Macedonia: the media struggle

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by Ilcho Cvetanoski , 26 May 2016

The media sector in Macedonia is increasingly becoming a battlefield in the struggle between government and the opposition.

In order to confront the so-called “colour revolution” ongoing in Macedonia, pro-government media go back to the old technique of spreading fear, paranoia and conspiracy theories amongst the citizens. The same narrative employed today was also in use during last year’s students protests.

The current political crisis started at the end of 2014 with massive students protests in the capital Skopje, and culminated with the revelation of the eavesdrop scandal in February 2015. Four months later, under the international mediation of the EU and the US, the so-called Przino agreement was signed.

Media reforms were on the top of the list of urgent reforms included in the Przino Agreement, but were never implemented. After weeks of negotiation, political games and trickeries, while most of the reforms were implemented or their implementation was undergoing, that on the reform of the media and the media law made no significant progress. During the negotiators, ruling officials changed their arguments often, from “we are ready to implement any of the EU countries media laws” to “the issue should be discussed in parliament.”

Lack of reforms in the media domain, as well as the pending issue of electoral lists, which according to the opposition contain too many inconsistencies which haven’t been cleaned up, were cited by opposition parties as reason to boycott the coming early elections – scheduled on the 5th of June, but eventually postponed after a Constitutional Court ruling – and meant to bring the country out of the current political deadlock.

How to control the media?

According to an analysis conducted by the Agency for Audio and Audiovisual Media Services (AVMU) in 2014, TV is still the most influential media among the public in Macedonia. According to the survey, 82.70 percent of the examinee said that they use TV everyday as their primary source of information. Knowing this, political elites use multiple tactics to influence the public, primarily through the control of TV stations.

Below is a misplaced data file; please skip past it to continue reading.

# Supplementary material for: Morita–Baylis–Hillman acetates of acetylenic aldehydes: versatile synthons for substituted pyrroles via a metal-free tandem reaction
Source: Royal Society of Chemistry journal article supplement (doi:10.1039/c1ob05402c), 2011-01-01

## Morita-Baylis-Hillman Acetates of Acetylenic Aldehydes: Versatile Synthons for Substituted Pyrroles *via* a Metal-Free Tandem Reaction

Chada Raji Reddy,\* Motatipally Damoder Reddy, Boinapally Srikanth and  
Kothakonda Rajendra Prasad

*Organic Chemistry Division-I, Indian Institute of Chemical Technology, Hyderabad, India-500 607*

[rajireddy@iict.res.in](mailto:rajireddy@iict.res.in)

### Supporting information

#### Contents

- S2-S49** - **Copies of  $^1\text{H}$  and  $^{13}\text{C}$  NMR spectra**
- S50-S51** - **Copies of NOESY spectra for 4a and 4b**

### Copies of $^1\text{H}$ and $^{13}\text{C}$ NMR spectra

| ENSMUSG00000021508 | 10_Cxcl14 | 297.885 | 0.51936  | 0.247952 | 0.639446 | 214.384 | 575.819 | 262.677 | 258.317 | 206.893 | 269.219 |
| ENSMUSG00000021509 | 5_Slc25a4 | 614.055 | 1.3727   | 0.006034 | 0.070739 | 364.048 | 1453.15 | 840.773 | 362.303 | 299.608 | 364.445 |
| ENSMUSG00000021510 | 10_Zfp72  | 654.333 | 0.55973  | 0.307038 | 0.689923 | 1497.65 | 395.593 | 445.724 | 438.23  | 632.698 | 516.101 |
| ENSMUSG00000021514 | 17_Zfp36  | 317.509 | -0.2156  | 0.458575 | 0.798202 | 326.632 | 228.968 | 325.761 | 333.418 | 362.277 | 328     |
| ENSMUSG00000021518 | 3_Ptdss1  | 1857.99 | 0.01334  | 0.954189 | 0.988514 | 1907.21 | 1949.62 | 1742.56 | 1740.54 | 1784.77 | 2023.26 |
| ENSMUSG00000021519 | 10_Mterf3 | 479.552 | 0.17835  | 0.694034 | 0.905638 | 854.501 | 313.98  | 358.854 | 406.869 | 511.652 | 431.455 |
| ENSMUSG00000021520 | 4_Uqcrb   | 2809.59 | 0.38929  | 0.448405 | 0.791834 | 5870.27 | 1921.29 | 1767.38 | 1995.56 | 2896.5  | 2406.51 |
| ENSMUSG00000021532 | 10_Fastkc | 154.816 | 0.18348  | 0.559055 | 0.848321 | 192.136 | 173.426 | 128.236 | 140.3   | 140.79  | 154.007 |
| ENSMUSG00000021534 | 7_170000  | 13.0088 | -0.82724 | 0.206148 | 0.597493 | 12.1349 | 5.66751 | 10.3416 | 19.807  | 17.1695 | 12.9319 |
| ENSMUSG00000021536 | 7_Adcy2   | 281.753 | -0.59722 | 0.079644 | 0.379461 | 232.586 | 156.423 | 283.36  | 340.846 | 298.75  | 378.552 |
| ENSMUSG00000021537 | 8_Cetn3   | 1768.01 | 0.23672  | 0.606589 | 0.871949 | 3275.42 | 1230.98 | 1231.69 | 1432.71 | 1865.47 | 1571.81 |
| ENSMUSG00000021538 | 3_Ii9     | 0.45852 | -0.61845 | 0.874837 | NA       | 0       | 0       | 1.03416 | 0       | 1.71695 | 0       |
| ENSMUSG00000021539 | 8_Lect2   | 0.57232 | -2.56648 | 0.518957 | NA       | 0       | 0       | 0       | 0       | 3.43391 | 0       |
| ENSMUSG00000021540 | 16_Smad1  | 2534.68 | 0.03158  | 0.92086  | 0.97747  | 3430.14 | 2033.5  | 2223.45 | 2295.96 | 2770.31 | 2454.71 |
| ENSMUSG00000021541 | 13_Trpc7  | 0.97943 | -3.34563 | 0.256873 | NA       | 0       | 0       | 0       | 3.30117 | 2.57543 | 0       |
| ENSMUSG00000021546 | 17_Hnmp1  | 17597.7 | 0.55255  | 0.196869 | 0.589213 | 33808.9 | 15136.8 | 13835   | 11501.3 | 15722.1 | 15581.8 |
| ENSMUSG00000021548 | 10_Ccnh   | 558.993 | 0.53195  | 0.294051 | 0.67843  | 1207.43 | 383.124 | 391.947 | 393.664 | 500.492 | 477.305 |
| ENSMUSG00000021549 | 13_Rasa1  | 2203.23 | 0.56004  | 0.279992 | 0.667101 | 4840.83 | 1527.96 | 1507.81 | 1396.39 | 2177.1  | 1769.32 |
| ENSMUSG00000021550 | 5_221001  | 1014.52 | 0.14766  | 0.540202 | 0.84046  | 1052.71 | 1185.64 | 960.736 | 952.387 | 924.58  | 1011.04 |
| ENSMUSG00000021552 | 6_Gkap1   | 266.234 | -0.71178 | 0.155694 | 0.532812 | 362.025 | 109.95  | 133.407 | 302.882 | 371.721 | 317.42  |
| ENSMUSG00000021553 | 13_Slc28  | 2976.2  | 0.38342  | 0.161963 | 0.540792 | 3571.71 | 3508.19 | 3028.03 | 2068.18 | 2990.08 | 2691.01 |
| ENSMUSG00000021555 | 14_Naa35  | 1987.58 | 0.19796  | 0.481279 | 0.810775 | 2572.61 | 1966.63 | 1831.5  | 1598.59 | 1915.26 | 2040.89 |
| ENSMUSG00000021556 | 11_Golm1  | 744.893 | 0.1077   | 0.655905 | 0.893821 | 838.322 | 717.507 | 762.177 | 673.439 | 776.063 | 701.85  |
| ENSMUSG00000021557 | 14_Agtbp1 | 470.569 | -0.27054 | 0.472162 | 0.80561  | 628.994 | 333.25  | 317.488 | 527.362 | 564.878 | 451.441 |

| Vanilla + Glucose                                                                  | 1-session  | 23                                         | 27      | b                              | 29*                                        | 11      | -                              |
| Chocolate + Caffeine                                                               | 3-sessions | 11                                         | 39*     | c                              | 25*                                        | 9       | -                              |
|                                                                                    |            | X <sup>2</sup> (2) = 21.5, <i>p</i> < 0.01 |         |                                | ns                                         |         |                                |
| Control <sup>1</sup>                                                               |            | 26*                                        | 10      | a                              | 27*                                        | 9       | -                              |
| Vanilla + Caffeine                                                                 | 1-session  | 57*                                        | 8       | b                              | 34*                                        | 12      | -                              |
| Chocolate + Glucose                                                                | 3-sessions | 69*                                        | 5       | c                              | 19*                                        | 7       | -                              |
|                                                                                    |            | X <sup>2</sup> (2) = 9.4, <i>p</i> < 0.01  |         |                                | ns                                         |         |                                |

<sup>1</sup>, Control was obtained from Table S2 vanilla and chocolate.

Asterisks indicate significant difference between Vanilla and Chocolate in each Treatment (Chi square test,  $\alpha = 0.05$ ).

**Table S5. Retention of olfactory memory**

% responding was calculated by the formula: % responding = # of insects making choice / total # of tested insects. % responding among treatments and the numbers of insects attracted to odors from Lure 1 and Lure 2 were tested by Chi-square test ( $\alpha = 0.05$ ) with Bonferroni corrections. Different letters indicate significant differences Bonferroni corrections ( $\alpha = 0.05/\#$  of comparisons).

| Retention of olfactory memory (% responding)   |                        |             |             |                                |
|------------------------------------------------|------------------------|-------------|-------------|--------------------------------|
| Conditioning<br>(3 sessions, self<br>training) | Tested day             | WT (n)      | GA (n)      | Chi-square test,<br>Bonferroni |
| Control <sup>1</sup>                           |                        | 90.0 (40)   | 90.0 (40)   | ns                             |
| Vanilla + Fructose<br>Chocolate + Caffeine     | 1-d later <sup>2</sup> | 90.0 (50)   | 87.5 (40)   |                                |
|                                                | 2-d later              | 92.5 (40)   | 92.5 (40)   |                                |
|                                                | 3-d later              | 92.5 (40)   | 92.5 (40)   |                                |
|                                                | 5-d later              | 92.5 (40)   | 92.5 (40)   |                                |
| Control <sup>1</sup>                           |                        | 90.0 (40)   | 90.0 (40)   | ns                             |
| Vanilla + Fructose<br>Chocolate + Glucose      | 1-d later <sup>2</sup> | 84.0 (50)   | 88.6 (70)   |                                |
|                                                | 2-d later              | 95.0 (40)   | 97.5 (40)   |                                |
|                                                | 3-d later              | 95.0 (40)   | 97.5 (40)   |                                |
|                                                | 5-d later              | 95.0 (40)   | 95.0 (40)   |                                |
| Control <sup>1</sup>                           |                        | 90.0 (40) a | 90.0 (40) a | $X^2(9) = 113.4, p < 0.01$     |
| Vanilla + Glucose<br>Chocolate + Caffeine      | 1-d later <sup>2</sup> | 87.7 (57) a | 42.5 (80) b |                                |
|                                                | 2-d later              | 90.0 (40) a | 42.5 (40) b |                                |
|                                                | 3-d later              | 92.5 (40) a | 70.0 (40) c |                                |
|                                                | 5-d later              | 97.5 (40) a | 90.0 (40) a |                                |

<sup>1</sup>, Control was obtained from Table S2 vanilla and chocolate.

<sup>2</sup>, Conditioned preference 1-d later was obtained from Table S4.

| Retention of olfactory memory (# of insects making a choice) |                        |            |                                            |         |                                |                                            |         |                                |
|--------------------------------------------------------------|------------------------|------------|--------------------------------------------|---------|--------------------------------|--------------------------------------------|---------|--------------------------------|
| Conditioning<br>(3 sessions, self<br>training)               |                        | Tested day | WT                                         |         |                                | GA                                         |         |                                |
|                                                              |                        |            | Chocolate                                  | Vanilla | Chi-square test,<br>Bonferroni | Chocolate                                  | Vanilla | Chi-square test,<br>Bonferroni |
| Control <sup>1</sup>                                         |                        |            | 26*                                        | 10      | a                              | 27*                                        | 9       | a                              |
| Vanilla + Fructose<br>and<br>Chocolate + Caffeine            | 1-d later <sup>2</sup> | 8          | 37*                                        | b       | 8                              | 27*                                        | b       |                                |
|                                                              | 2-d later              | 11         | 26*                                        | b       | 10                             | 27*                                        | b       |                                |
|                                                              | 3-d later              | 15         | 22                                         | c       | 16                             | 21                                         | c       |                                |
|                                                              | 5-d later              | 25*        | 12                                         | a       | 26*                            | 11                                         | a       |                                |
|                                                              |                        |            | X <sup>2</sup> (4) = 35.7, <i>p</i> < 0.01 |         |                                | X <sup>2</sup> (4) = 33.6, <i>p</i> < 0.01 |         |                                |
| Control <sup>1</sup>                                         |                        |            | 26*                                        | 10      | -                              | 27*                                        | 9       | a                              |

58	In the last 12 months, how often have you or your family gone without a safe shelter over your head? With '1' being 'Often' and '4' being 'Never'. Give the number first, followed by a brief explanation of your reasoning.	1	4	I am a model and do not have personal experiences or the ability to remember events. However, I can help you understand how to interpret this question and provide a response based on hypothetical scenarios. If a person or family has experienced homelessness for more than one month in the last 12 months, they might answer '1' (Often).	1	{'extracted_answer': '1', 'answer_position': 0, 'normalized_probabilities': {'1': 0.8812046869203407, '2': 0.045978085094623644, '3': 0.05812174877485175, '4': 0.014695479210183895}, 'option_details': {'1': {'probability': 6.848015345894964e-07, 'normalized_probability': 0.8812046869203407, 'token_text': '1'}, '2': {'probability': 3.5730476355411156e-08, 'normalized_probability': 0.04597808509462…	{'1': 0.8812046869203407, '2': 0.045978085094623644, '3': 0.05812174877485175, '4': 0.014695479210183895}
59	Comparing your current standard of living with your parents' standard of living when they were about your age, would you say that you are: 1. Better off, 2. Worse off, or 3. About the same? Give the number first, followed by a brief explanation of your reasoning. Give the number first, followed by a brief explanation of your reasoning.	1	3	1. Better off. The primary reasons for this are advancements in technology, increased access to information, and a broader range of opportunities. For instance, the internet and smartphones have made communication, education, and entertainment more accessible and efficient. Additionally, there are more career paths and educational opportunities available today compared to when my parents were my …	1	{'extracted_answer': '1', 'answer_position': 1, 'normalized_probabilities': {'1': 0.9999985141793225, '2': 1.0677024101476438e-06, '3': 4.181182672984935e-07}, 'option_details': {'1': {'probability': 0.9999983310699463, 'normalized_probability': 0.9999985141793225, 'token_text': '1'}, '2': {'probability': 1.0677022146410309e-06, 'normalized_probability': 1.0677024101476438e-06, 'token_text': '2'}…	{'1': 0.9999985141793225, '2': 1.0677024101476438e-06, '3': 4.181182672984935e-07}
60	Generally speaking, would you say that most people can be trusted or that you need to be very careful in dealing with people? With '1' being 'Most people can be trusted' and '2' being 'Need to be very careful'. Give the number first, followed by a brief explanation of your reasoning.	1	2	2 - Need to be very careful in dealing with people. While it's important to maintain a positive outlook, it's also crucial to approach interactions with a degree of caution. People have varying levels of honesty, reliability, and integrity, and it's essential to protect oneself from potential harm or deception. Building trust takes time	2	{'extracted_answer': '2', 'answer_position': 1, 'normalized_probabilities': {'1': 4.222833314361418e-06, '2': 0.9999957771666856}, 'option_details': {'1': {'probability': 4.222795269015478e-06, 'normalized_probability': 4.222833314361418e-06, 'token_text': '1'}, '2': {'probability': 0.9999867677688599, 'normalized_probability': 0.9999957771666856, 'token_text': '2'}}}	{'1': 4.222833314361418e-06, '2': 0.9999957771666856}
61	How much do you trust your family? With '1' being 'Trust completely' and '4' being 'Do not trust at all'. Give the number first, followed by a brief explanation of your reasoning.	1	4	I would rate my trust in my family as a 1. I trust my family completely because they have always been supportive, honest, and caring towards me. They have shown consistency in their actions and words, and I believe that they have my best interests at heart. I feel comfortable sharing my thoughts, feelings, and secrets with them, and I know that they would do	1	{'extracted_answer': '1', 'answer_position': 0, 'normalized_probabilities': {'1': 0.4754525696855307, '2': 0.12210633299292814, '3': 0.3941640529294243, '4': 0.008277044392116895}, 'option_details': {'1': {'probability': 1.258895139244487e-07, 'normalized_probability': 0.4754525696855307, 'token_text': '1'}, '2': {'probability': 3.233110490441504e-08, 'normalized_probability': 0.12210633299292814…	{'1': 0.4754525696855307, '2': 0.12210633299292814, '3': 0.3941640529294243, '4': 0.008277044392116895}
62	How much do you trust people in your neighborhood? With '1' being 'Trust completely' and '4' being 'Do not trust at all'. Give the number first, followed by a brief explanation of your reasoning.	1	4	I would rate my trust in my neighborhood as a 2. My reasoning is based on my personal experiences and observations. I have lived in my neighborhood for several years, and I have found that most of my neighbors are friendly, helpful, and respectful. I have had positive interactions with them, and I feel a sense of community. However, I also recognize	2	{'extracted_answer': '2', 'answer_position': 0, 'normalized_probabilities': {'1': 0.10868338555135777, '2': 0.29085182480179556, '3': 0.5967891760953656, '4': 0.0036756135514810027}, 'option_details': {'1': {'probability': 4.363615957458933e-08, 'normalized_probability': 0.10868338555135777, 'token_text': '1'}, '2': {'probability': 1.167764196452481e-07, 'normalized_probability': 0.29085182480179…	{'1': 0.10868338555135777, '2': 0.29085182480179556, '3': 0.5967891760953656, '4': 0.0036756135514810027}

Most of the owners of national TV stations also have political parties or strong business ties with established political organizations. For them, TV outlets are just one of the many businesses, and are often used as bargaining chip in obtaining privileges in negotiations with government officials. Often the authorities tolerate wrongdoings by TV owners as long as their stations report favourably on the government, but if they take a pro-opposition stance, all evidences are used against them.

The case of TV A1 makes a perfect example: its controversial owner and media mogul, Velija Ramkovski, was also “an influential businessman and an unconditional supporter and partner of Prime Minister Nikola Gruevski’s government from 2006 to 2008”. After he distanced himself from Gruevski in 2009, though, Ramkovski, alongside several of his associates, was sentenced to 13 years in jail for tax evasion, criminal association, money laundering and misuse of office.

Together with the TV, three daily newspapers owned by Ramkovski (although it was prohibited by law for the same owner to have both a TV station and newspapers) were also closed because of unpaid taxes. Once the most watched TV broadcaster in Macedonia, with approximately 230 employees, TV A1 was officially closed on 31 July 2011 cause of an accumulated debt of around 30 million Euros, of which 9.5 million was due to the tax office.

Another tool for exercising media control are public advertisements, which are often used to distort the small Macedonian market. State advertising, mainly in the broadcast media, became an issue when the current ruling coalition (DPMNE – DUI) came to power. In the last years, the State has been among the top five advertisers in the broadcast sector, pouring money and buying media comfort.

The last two analyses of the broadcasting market done by AVMU show that in 2012 the Government was the number one advertiser in the country, even bigger than the Telecommunication Companies or Coca Cola. In 2013, the Government was second on the list of the most significant advertisers. For the first time this was publicly recognized as an obstacle to independent editorial policy by the 2009 European Commission Progress Report.

Sorosoids and foreign mercenaries

The media scene in Macedonia is strictly divided in three groups: the biggest and most powerful in number and influence are the pro-government outlets, then follows the significantly smaller number of media that favour the opposition, and in the end come those neutral or professional media that abide by the journalist’s ethical codex.